No study that was conducted in the community health centre, or remote and isolated care facilities settings, where ketamine was administered in the absence of a physician, was identified. The prehospital settings of all the identified relevant studies were mainly hospital-based emergency medical services providers (paramedics). In addition, no evidence-based guidelines were identified regarding the pharmacological management of aggression and agitation in prehospital settings.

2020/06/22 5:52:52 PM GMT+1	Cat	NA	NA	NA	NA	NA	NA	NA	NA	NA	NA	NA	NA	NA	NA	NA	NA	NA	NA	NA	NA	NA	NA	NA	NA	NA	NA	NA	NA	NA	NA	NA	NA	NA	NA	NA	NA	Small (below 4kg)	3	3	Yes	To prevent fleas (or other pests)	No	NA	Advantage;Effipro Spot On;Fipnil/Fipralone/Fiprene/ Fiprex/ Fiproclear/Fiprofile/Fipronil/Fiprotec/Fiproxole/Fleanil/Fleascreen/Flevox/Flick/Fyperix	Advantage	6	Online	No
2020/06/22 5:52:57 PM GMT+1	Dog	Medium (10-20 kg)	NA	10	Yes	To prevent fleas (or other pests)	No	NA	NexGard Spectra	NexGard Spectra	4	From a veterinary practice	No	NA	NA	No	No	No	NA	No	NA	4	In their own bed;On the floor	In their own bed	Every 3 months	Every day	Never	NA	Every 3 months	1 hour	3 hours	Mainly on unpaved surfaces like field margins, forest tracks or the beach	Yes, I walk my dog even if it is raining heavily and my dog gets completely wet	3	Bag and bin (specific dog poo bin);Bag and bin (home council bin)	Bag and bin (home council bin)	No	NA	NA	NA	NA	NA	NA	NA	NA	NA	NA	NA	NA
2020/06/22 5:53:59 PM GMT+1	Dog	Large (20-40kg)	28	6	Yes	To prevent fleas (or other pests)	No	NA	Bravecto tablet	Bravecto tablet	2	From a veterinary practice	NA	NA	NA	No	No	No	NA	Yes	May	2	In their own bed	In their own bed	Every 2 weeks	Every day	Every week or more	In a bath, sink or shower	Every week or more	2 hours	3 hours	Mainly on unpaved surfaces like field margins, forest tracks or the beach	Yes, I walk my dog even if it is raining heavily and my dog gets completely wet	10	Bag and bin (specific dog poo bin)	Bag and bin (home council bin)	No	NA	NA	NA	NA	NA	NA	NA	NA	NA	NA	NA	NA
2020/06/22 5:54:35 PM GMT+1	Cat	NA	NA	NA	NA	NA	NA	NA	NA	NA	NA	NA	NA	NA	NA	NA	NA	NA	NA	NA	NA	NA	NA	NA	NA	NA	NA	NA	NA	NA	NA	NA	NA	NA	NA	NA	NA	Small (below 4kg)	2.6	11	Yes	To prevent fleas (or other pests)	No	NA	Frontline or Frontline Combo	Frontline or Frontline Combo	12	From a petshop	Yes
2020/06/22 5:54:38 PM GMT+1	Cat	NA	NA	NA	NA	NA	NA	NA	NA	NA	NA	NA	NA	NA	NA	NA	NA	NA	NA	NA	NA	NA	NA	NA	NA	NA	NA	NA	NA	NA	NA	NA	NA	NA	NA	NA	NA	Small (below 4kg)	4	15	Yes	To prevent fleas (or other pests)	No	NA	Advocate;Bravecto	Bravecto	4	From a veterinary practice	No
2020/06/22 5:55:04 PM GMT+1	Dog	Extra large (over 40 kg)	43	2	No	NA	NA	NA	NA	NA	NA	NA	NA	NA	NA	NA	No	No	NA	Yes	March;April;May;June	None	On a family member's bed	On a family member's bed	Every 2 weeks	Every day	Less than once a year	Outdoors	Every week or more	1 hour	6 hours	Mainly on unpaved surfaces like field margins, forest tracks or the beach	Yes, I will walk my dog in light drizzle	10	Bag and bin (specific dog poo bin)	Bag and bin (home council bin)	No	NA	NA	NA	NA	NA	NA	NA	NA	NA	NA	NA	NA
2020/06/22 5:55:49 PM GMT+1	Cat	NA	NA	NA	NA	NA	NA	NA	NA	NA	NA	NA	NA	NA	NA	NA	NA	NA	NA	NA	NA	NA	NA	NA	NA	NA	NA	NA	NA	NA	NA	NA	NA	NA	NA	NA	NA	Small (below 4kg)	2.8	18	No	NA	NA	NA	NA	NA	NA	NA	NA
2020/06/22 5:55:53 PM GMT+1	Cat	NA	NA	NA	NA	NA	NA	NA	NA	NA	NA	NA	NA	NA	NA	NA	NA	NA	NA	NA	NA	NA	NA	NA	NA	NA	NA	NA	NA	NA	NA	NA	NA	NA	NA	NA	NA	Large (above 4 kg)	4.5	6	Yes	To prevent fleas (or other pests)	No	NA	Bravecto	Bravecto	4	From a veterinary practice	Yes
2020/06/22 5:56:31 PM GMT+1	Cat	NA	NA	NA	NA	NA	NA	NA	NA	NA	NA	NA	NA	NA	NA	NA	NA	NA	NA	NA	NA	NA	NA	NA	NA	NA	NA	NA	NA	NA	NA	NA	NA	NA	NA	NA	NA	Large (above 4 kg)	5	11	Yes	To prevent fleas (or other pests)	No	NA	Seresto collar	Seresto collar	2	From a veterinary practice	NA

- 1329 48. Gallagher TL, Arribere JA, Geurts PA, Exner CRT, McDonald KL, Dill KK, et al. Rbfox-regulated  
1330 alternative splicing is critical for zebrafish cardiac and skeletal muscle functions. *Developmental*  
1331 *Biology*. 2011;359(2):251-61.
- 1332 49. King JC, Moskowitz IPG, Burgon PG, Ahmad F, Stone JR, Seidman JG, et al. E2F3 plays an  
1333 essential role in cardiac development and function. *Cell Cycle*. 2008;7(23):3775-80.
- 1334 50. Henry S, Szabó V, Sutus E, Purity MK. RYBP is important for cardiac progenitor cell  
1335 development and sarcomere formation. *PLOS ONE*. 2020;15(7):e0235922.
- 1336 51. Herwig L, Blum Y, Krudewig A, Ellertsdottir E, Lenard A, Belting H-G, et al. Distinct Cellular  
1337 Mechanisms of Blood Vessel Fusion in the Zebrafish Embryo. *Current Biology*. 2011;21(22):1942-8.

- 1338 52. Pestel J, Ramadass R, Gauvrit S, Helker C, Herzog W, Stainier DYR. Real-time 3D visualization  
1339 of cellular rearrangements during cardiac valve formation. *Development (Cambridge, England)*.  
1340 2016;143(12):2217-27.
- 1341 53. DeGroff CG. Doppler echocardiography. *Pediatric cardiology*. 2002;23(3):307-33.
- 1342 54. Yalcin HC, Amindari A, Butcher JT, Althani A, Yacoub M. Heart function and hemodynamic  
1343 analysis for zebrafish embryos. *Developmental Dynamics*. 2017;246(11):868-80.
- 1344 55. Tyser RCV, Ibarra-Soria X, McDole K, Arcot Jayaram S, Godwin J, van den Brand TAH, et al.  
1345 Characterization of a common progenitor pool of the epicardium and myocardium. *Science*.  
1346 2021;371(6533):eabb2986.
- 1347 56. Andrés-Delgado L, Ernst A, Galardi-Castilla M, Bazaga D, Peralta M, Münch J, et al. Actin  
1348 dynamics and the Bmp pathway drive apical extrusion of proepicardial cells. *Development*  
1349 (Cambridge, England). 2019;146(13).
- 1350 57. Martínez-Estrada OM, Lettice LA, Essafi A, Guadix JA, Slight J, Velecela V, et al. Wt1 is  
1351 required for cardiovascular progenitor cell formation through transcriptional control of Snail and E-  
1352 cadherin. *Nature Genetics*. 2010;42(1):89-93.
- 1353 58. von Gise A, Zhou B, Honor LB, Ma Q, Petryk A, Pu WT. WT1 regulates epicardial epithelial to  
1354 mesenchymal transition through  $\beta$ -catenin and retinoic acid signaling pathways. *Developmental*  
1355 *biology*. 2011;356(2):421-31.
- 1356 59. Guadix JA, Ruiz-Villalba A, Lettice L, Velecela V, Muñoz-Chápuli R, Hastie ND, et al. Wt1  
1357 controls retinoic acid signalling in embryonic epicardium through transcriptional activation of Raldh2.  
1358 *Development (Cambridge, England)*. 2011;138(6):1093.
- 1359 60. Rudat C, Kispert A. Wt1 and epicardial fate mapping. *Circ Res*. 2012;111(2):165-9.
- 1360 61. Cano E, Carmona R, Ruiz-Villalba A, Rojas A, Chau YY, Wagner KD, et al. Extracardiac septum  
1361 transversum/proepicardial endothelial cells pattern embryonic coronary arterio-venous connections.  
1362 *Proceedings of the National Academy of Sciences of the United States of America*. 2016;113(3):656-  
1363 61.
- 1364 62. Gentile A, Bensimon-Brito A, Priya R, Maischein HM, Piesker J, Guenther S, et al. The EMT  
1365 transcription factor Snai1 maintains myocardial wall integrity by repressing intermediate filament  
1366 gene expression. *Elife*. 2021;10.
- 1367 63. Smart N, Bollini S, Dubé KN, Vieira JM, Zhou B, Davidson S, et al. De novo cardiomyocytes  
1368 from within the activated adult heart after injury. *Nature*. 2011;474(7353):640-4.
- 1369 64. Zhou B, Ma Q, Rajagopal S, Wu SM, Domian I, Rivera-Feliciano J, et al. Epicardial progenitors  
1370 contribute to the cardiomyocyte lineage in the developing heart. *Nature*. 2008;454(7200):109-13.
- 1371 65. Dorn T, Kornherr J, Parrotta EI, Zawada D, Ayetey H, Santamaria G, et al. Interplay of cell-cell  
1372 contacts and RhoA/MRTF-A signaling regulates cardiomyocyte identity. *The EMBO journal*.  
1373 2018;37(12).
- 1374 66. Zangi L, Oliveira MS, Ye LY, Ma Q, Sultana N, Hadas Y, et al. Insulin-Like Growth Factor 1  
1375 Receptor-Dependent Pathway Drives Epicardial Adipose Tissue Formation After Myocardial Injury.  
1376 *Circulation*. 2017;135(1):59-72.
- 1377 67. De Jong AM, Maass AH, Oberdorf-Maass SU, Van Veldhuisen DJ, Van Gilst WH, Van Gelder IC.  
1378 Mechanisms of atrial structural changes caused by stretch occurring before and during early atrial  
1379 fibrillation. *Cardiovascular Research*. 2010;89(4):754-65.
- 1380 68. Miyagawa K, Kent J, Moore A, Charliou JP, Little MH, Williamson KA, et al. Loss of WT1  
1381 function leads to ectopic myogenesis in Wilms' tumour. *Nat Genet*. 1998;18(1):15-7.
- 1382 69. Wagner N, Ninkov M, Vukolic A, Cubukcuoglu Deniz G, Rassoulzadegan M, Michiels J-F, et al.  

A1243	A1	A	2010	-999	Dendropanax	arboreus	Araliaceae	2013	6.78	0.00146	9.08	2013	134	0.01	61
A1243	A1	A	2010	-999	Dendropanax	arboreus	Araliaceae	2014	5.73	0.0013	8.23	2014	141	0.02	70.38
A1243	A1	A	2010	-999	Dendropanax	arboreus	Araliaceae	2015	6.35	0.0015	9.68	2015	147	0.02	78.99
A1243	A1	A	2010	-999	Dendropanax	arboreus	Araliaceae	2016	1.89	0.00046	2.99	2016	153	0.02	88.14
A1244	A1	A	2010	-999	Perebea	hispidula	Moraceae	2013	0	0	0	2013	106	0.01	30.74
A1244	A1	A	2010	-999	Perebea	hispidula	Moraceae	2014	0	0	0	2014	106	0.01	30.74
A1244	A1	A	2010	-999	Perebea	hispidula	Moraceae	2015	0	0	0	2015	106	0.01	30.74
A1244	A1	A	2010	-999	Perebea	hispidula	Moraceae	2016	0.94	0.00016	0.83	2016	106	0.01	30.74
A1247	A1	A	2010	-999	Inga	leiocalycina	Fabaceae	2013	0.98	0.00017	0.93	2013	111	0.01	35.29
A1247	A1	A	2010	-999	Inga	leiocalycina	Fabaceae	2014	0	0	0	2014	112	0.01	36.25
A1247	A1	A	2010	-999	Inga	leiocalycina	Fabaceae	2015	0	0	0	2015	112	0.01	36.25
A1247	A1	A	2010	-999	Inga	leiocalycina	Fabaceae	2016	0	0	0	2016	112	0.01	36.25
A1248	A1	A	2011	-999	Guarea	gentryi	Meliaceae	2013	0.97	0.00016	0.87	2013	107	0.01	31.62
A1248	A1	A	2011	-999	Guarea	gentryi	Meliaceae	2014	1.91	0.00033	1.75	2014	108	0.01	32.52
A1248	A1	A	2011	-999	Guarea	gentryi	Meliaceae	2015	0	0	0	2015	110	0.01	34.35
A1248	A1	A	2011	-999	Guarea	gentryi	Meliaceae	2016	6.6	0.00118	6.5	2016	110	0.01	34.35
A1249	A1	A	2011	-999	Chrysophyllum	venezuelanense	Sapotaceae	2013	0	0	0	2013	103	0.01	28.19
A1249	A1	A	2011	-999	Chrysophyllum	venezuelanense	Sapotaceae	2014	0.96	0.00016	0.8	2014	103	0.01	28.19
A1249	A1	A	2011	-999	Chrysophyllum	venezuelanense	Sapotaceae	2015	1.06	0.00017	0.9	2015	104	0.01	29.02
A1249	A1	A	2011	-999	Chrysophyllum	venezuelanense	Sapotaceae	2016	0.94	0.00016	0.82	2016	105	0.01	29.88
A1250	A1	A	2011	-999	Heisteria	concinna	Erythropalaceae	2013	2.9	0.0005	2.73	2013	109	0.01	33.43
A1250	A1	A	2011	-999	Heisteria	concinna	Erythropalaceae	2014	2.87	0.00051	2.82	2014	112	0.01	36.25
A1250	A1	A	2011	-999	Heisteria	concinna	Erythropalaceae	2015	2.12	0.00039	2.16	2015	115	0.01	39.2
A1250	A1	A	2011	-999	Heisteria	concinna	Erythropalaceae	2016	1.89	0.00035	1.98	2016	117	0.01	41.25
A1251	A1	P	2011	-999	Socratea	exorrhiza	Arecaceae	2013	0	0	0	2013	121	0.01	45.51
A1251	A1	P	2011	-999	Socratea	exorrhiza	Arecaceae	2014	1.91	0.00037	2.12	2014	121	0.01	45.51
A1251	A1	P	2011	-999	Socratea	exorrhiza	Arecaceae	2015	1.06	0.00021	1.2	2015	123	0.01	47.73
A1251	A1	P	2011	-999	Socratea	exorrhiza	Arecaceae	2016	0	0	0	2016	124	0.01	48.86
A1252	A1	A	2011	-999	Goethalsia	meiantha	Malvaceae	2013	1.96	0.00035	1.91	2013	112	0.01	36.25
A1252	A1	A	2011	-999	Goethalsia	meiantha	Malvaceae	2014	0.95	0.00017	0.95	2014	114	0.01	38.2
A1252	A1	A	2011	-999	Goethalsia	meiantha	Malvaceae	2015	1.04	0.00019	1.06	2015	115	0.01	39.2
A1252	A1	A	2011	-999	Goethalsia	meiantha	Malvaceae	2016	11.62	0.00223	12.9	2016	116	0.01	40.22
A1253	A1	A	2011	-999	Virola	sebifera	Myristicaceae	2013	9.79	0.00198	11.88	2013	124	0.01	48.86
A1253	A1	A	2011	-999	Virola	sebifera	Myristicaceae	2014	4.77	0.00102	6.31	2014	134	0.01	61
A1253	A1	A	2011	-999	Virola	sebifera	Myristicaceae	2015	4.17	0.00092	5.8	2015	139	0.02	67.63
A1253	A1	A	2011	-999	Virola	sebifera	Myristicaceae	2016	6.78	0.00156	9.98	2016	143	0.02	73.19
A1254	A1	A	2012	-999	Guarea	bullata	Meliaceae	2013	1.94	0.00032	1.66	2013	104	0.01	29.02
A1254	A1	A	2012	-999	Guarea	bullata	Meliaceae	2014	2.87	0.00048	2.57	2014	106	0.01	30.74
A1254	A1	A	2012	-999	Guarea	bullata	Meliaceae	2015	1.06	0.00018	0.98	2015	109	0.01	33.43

There were several limitations with respect to the quality of evidence of the SR. First, all the cited studies were non-randomized studies, including retrospective studies and case series, which have major risk of bias. Second, as few studies had comparators and no studies directly compared prehospital settings versus facilities having physicians, relative association measures such as odds ratios or relative risks that provide direct comparisons between settings could not be produced; instead, estimates of intubation rates in each setting were provided. Statistical methods were then used to compare among settings without controlling for confounding variables including route of ketamine administration (IM and IV), patient weights and dose calculation of ketamine (usually by estimation), degree of agitation, and history of mental illness. Third, reporting bias may exist regarding ketamine-related complications and intubation, as the majority of patients who were administered with ketamine and transferred by ground emergency medical services were intubated, and the intubations were mostly performed upon arrival to ED.